The points where the intersecting plane meets the double-napped cone generate a curve called a "**conic section**" or simply a "**conic**."

For example, the conic in the previous figure appears on the plane as follows:

Depending on the angle α of the cone (semi-aperture) and the angle β of the plane, different open or closed curves can be obtained:

- If
**β < α**, the conic section is a hyperbola, an open curve composed of two unbounded branches, because the plane intersects both nappes of the cone.

- If
**β = α**, the conic section is a parabola, an open and unbounded curve composed of a single branch, because the plane has the same inclination as the cone's angle and intersects only one nappe of the cone.

- If
**β > α**, the conic section is an ellipse, a closed and bounded curve, because the plane's angle is greater than the semi-aperture.

**Example**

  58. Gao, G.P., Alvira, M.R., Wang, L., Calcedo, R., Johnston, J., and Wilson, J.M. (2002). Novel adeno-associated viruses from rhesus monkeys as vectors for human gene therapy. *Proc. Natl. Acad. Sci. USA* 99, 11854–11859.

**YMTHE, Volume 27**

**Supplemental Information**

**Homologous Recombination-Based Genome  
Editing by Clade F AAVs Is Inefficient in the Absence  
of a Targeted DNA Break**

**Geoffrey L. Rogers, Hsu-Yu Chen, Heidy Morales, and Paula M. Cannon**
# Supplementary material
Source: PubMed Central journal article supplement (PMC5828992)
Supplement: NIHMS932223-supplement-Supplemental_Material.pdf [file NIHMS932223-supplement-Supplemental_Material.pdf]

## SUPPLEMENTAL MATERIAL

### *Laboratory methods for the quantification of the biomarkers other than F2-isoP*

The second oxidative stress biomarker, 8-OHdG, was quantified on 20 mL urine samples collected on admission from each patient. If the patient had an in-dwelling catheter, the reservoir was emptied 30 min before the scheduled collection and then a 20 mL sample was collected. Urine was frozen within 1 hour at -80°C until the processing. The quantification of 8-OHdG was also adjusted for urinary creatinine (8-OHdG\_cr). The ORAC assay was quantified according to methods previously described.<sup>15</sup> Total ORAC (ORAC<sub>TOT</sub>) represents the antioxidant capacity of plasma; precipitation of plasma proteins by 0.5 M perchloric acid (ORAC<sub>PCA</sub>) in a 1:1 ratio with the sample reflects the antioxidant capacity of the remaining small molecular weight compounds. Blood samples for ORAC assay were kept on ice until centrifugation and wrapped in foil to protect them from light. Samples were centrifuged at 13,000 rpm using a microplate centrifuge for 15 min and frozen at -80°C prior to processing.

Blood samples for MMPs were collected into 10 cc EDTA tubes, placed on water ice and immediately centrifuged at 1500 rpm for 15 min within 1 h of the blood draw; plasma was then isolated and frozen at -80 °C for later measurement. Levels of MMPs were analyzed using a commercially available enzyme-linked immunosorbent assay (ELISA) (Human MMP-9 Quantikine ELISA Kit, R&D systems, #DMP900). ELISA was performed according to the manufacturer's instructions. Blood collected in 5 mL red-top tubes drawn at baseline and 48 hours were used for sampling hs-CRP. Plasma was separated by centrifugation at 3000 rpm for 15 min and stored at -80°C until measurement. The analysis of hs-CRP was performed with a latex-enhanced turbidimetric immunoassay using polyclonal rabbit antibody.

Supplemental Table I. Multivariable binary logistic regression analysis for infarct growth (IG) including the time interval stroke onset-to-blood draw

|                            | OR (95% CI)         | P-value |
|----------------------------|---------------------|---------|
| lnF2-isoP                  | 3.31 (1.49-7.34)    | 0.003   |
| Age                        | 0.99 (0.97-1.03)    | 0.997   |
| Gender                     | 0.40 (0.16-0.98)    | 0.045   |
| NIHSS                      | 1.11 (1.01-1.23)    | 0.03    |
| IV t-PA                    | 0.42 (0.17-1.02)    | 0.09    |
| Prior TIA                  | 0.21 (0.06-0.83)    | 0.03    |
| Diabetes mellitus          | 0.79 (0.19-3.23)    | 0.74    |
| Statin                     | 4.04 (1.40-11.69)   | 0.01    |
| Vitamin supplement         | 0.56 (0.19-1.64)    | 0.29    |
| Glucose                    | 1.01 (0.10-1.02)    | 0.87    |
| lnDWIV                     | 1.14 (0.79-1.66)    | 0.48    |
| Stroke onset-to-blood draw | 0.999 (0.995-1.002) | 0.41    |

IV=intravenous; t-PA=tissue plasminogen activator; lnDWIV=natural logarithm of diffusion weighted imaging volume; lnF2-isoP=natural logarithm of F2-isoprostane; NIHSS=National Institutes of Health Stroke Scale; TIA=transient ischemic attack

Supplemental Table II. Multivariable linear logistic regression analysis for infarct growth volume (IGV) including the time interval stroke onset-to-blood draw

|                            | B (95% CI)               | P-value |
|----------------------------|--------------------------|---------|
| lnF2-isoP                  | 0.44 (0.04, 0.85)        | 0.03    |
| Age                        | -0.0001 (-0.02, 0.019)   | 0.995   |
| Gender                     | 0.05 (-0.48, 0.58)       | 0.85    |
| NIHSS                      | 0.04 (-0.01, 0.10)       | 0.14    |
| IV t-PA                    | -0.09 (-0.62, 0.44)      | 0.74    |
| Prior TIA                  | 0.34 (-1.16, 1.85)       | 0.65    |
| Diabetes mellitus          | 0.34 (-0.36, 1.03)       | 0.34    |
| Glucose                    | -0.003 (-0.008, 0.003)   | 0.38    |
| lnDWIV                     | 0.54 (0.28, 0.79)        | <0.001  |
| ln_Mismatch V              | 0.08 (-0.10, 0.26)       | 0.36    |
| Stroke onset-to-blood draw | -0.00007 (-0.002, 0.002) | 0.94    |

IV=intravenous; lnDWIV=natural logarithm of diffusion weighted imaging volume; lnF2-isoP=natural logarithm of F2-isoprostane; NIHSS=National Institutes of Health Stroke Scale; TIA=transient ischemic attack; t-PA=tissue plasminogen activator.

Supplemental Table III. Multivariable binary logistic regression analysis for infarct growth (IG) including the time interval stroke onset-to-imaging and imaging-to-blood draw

- If
**β = π/2**, forming a right angle (90°), where "π" represents the number pi, the conic section is a circle, a closed and bounded curve with all points equidistant from its center.

## Types of Conic Sections

Conic sections are classified based on their shape and geometric properties:

**Ellipse**An ellipse is a closed curve obtained by intersecting a cone with a plane inclined between θ and π/2 relative to its axis. It is defined by the constant sum of the distances from its two foci. It has two axes of symmetry, major and minor. If the two axes are equal, a circle is obtained.

**Parabola**

A parabola is the set of points equidistant from a focus (F) and a directrix (d). It has an axis of symmetry and is formed by intersecting a cone with a plane parallel to one of its generating lines, forming an angle θ with the axis of the conic. It is not a closed curve and belongs to only one nappe of the cone.